Lady Gaga opened up like never before in a recent interview, discussing how she sometimes thinks about leaving the music industry.
It isn't always easy for Gaga living in the spotlight, despite all her fame and fortune. The "Born This Way" singer discussed her ongoing battle with depression and more in an interview with Vanity Fair Italy, revealing that she often considers leaving the world of music behind.
"I think about it every day," she admitted. "Because I know that in any moment I can stop, go home and be happy; but then I'd become unhappy because I did not reach my aim: I have a strong relationship with God which reminds me why I'm here. The truth is that I feel more like a missionary, rather than a popstar."
Gaga reached a breaking point during her Born This Way Ball, a world tour so exhaustive that she suffered a serious hip injury and had to cancel the rest of the shows. The pop star admitted that during this time she "was very scared" but "didn't know why," only to discover that her feelings were caused by "something to do with my brain."
The 30-year-old singer also revealed recently that she suffered from post-traumatic stress disorder, having been sexually assaulted by a music producer when she was 19. She explained to Vanity Fair Italy that during the Born This Way Ball she received very little support from management and those around her, "I explained to my management many times that I was sick; I asked for help to people from the music industry who were working for me, no one ever listened to me. No one ever understood how bad it was that I was sexually assaulted by a producer. I was not protected, and everything was going on as if nothing happened."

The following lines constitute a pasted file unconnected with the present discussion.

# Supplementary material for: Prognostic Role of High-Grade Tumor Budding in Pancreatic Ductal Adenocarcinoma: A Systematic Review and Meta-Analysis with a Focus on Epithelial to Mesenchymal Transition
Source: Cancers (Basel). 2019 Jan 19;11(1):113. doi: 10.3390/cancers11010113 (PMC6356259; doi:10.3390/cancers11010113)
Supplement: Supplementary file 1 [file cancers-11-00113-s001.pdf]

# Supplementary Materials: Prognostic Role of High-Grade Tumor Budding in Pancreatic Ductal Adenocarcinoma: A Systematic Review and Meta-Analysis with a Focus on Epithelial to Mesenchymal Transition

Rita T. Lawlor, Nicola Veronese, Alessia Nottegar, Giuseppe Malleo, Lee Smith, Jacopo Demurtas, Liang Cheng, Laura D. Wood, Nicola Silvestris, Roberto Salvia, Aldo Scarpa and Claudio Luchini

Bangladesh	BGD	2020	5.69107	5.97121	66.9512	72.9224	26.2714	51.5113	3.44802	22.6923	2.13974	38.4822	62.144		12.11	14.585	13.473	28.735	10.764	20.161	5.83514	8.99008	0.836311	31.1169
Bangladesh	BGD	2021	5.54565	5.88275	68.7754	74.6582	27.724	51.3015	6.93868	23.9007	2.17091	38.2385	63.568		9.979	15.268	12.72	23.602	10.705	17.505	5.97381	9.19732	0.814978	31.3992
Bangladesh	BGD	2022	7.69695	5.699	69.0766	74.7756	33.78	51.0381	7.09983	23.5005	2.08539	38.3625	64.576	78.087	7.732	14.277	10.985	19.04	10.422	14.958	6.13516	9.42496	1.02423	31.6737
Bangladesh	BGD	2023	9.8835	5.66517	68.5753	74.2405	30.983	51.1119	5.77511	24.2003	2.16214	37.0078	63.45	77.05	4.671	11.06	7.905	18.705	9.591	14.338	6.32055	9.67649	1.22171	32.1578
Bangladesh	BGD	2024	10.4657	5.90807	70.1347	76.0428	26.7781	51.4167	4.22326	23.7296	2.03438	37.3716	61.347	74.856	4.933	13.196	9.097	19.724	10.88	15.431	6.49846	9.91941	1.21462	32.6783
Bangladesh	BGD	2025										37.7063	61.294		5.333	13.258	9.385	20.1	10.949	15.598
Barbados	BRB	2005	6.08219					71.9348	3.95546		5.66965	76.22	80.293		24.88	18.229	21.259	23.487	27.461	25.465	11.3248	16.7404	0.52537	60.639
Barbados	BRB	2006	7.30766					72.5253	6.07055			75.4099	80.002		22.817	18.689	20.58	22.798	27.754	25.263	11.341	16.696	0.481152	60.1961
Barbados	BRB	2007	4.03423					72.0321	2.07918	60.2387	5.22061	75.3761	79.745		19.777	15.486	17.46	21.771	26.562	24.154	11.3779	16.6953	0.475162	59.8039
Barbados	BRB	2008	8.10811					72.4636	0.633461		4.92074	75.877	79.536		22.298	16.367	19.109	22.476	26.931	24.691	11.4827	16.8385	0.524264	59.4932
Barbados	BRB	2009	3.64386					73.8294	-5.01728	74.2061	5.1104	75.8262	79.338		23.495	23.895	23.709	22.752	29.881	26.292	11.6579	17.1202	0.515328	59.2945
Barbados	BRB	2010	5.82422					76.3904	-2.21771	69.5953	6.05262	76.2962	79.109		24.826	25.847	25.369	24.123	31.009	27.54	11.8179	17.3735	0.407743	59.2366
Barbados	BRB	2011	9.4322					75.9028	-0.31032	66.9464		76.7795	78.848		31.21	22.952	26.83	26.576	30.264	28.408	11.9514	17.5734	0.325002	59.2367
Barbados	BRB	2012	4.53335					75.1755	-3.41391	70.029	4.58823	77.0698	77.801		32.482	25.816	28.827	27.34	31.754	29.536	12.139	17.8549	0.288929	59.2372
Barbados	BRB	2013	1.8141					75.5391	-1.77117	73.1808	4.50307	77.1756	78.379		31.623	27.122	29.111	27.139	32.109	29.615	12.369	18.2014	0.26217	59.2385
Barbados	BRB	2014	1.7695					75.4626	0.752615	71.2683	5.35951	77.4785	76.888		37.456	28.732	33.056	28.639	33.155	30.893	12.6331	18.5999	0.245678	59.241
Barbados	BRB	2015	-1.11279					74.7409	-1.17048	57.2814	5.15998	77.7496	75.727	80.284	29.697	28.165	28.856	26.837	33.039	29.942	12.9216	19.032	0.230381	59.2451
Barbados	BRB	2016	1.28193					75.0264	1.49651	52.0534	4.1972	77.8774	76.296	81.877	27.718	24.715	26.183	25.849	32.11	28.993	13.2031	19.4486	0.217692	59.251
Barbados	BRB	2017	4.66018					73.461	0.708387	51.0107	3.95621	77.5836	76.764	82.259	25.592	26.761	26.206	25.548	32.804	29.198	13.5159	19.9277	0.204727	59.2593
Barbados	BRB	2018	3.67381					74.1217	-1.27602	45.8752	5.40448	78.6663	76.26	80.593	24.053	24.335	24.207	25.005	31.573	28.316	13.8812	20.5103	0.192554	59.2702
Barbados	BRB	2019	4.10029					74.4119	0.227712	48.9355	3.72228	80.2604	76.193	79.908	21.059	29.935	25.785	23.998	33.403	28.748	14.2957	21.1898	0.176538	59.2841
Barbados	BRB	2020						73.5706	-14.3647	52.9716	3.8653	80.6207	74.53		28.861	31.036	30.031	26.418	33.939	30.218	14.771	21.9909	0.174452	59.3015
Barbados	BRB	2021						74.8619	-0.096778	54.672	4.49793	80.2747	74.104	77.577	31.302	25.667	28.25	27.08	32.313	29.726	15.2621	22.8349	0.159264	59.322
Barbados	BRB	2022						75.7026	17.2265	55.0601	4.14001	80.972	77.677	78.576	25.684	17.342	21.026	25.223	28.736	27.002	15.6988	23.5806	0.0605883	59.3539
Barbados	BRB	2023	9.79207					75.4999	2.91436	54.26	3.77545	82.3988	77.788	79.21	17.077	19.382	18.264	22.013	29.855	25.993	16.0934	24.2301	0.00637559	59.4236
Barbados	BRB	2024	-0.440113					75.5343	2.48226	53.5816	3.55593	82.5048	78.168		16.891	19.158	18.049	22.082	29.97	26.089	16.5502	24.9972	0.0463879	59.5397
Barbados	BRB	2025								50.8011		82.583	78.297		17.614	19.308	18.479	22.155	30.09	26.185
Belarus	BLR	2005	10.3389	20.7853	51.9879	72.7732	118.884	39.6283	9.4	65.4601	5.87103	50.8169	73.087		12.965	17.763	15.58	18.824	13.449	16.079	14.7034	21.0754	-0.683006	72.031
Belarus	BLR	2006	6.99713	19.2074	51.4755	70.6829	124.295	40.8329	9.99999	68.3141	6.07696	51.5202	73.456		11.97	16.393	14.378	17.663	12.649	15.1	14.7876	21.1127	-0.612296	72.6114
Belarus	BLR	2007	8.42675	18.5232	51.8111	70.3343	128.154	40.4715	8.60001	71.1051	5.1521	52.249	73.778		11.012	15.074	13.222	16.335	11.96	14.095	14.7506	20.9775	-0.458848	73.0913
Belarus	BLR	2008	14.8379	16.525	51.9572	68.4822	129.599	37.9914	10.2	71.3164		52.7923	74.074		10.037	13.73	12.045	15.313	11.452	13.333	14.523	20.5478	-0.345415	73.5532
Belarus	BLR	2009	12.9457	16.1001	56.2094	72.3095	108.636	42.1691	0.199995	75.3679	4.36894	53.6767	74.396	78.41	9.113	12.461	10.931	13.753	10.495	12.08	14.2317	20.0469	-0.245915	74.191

Now, Gaga is looking to spread kindness and compassion through Today and NBC Universal's #ShareKindness campaign. She was recently recorded giving gifts and visiting an LGBTQ center in Harlem, N.Y. through this initiative, and has found herself in a happier place through spreading the love.
"Money won't make you happy. I traveled all around the world and in the poorest places I saw the happiest people: real happiness can be found in love, friendship, in the human relationships, in sport," she said. "I feel happy when I give love to my fans, not when I show what I have. The most important thing, which we really need, is kindness."